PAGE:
I am delighted to say that a few of the recipients of their first Grand Rank today have been in their eighties, as have many of those getting promotion, including one Brother in his nineties. All these Brethren are still going strong and continue to have much to offer.
It is customary at this meeting for the Presiding Officer to talk about the state of the Craft, which, because of declining numbers, has not always been a very happy story.
As you may know, at the end of each year, London and the Provinces provide many statistics which are then collated by the Grand Secretary’s department. This year has proved an exciting one in many respects, and while some Provinces are still suffering a decline in numbers, the overall figures are better than they have been for many years.
The most encouraging statistic is the increase of 286 in the number of initiations to 8,391, which is 3.5% up on last year. Apart from a small increase of 18 in 2001, this is the first annual increase in initiations since 1988.
Recruitment is important for our future but so is retention, and it is also encouraging that the figure for resignations and exclusions is 487 lower than in 2002. Overallmembership of the Craft has contracted by less than half a per cent to 319,725, while the number of individual Masons has risen by 0.7% to just over 274,000.
Interestingly, there are no clear membership trends in terms of size, geography or characteristics, but the smaller and more rural Provinces tend to have a larger average Lodge membership, and seem to be more successful in recruiting and retaining members.
It is also clear that Provinces which have an active policy of reducing the number of their Lodges in line with a reduction in members, are starting to report increases in initiates and reductions in the level of resignations and exclusions.
While I would be wary of saying that the membership decline of recent years appears to be bottoming out, nevertheless there are genuine signs of growth in many Provinces, which I hope we can build on this year.
There are many reasons why a Brother resigns from his Lodge, and although most of them we can do little about, some of them we can, particularly when it comes to making his Lodge night a more enjoyable and meaningful experience.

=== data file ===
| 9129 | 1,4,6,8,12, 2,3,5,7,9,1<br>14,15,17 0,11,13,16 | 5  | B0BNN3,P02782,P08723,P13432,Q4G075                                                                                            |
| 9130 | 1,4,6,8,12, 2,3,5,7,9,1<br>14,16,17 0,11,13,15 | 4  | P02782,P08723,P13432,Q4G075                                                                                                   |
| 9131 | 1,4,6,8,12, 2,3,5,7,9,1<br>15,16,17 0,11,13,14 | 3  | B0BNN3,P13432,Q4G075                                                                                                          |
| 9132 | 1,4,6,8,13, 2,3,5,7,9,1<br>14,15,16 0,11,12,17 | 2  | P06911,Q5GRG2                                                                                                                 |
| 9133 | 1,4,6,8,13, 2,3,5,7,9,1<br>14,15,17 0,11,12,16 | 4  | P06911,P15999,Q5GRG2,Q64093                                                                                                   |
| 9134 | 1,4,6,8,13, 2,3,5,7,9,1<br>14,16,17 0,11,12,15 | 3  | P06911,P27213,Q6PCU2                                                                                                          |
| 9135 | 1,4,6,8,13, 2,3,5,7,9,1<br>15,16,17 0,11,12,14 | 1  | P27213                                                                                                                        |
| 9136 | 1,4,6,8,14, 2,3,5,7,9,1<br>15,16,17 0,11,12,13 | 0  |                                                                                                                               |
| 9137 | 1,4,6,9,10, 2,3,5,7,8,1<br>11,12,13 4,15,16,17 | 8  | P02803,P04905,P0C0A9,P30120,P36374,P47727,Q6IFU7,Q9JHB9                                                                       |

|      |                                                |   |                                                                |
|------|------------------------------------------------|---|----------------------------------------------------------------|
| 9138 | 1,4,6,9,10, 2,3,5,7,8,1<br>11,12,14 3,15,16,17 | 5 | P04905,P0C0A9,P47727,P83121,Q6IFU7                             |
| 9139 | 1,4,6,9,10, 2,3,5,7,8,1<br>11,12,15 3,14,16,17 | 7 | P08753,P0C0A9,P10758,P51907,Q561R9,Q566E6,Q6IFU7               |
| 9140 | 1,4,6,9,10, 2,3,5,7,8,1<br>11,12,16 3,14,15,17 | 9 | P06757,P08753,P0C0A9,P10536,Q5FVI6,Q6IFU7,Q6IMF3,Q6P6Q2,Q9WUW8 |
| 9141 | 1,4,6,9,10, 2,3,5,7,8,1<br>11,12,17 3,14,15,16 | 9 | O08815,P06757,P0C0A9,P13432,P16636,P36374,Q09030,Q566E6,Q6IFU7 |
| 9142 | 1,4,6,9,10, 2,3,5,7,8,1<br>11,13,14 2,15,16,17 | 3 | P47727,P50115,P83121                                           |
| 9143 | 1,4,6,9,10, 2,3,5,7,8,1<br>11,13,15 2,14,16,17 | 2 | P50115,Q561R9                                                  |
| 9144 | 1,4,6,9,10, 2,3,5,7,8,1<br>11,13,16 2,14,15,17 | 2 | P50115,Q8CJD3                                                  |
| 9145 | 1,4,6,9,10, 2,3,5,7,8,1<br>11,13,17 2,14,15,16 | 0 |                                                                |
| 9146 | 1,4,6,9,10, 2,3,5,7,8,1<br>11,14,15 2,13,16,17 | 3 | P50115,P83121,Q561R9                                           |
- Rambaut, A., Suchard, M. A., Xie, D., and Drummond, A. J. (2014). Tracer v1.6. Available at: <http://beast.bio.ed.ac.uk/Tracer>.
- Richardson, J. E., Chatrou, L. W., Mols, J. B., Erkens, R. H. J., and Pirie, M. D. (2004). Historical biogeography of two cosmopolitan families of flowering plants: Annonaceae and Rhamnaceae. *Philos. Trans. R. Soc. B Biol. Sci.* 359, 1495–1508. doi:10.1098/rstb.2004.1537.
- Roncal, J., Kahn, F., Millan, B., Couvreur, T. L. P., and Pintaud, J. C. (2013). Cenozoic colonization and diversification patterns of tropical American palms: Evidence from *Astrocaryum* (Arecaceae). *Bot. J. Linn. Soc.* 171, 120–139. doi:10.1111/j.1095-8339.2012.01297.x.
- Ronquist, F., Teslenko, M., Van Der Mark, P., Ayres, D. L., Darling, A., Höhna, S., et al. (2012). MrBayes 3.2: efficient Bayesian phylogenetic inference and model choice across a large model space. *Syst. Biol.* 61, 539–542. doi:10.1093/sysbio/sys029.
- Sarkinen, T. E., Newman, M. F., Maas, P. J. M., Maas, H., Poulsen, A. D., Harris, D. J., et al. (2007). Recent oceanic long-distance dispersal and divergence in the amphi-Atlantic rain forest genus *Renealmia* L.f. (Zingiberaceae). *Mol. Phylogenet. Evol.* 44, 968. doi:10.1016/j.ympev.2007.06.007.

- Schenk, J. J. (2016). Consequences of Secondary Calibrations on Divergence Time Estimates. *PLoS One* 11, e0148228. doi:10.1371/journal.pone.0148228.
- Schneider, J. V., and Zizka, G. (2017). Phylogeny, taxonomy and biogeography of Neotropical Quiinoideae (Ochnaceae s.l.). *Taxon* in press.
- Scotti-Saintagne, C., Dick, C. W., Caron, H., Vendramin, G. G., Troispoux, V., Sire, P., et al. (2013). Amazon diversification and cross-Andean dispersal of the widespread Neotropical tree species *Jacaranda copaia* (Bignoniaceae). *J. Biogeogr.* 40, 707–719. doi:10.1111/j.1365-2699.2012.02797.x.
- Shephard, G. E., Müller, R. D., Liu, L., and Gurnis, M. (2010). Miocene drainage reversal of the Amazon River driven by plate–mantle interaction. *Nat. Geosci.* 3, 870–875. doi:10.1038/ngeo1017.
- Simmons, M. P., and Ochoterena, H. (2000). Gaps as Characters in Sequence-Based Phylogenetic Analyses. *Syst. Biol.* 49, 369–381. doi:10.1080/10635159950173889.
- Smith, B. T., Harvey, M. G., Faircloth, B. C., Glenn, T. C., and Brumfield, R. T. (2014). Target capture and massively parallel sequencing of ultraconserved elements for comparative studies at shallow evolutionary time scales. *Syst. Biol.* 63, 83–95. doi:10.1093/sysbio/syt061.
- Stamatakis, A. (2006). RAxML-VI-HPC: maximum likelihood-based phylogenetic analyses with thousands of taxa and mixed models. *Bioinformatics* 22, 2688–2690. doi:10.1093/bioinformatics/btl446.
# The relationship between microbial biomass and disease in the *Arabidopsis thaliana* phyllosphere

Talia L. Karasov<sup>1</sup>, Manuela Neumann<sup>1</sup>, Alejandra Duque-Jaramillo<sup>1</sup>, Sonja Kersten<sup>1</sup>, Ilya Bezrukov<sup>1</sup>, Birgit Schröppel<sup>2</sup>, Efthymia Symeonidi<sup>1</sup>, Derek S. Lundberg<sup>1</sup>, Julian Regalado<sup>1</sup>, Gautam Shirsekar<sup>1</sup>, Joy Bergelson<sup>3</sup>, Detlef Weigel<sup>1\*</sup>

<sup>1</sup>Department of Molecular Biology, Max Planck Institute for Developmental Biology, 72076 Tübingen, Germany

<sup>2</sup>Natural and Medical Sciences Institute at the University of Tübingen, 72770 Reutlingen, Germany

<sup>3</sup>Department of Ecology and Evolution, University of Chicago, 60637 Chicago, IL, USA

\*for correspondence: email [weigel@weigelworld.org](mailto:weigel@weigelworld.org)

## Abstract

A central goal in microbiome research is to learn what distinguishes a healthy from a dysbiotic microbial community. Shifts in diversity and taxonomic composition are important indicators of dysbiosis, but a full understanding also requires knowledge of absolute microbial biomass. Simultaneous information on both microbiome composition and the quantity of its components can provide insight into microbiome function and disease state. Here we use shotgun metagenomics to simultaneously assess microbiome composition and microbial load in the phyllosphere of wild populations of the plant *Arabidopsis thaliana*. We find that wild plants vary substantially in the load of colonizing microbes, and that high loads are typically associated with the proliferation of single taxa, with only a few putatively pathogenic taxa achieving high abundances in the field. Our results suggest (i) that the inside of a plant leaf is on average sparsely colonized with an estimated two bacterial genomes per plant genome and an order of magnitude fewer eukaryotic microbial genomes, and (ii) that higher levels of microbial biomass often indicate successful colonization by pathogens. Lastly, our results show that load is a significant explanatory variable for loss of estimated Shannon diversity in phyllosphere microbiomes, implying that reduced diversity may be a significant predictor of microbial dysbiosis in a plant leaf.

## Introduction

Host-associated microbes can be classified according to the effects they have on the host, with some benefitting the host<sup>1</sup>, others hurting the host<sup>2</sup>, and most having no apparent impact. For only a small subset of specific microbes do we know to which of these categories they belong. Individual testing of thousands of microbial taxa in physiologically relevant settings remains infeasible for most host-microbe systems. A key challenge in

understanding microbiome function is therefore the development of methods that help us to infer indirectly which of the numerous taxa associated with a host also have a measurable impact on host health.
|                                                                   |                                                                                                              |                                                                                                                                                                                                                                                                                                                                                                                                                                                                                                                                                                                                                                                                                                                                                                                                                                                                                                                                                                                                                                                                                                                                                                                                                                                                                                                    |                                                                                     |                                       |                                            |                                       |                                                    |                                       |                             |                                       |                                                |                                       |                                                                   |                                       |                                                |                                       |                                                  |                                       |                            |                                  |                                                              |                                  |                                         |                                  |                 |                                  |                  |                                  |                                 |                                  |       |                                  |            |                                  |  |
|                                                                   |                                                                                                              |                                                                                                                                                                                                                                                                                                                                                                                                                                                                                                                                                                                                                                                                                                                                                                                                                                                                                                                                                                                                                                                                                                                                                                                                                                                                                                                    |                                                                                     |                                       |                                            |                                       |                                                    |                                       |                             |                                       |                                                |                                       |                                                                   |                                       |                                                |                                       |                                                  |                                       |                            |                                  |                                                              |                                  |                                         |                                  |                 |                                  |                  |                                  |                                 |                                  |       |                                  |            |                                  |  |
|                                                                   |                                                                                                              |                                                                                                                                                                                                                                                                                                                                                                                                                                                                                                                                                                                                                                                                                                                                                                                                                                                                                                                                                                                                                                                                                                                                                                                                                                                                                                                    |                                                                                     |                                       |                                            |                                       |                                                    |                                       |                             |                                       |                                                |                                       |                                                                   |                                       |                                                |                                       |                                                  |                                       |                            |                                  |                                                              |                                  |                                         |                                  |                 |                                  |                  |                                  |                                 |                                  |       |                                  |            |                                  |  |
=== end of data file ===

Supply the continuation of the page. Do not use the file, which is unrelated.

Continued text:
I have talked a lot this past year about how Freemasonry must adapt itself to fit the pressured lives of its newer members, bearing in mind that an initiate is likely to be in his late forties when he becomes a Master Mason.
For rituals to be entertaining and relevant they must be performed well, and in a manner that holds the attention of the Candidate and the audience. I particularly like going to meetings where the work is shared among different members of the Lodge, because it adds variety and increases the sense of brotherhood among those taking part.
None of our ceremonies should take more than one and a half to two hours or we have passed the attention span of most people, and yet we all know Lodges where meetings can last for considerably longer.
I am, therefore, delighted the Board has proposed measures to lessen the time taken to ballot for the Master and Treasurer, by allowing it to be by a show of hands if there is only one candidate and no-one objects. However, other savings in time will have to be contemplated by Lodges if they are to retain the interest of their members. There are many things we do which are not part of the actual ritual. These ‘extras’ crept into our ceremonies in the days when members could happily take a whole day off work for their Lodge meetings and time was not of concern.
Society has changed, and so must we if busy professional men are going to enjoy their masonry to the full. We must use the time available for the rituals and, if necessary, cut back on other parts of the meeting. Whatever we do outside of the rituals we should ask ourselves, firstly, whether it is really necessary, and secondly, whether it is enjoyable for our guests?
In some Provinces it has become the norm to salute every level of rank present at a meeting, which takes up much valuable time. Why not salute only the most senior Mason present and let him reply on behalf of everyone else? There are many ways of making our meetings shorter and more enjoyable for everyone, and all I ask is that Lodges are encouraged to debate this issue.
In the ceremony of dedicating a new Temple, the Dedicating Officer says ‘we trust that those who enter here for ceremonial work may go away raised and uplifted.’ Surely, Brethren, that should be our goal and the criterion upon which we judge the success or otherwise of what we do at our meetings.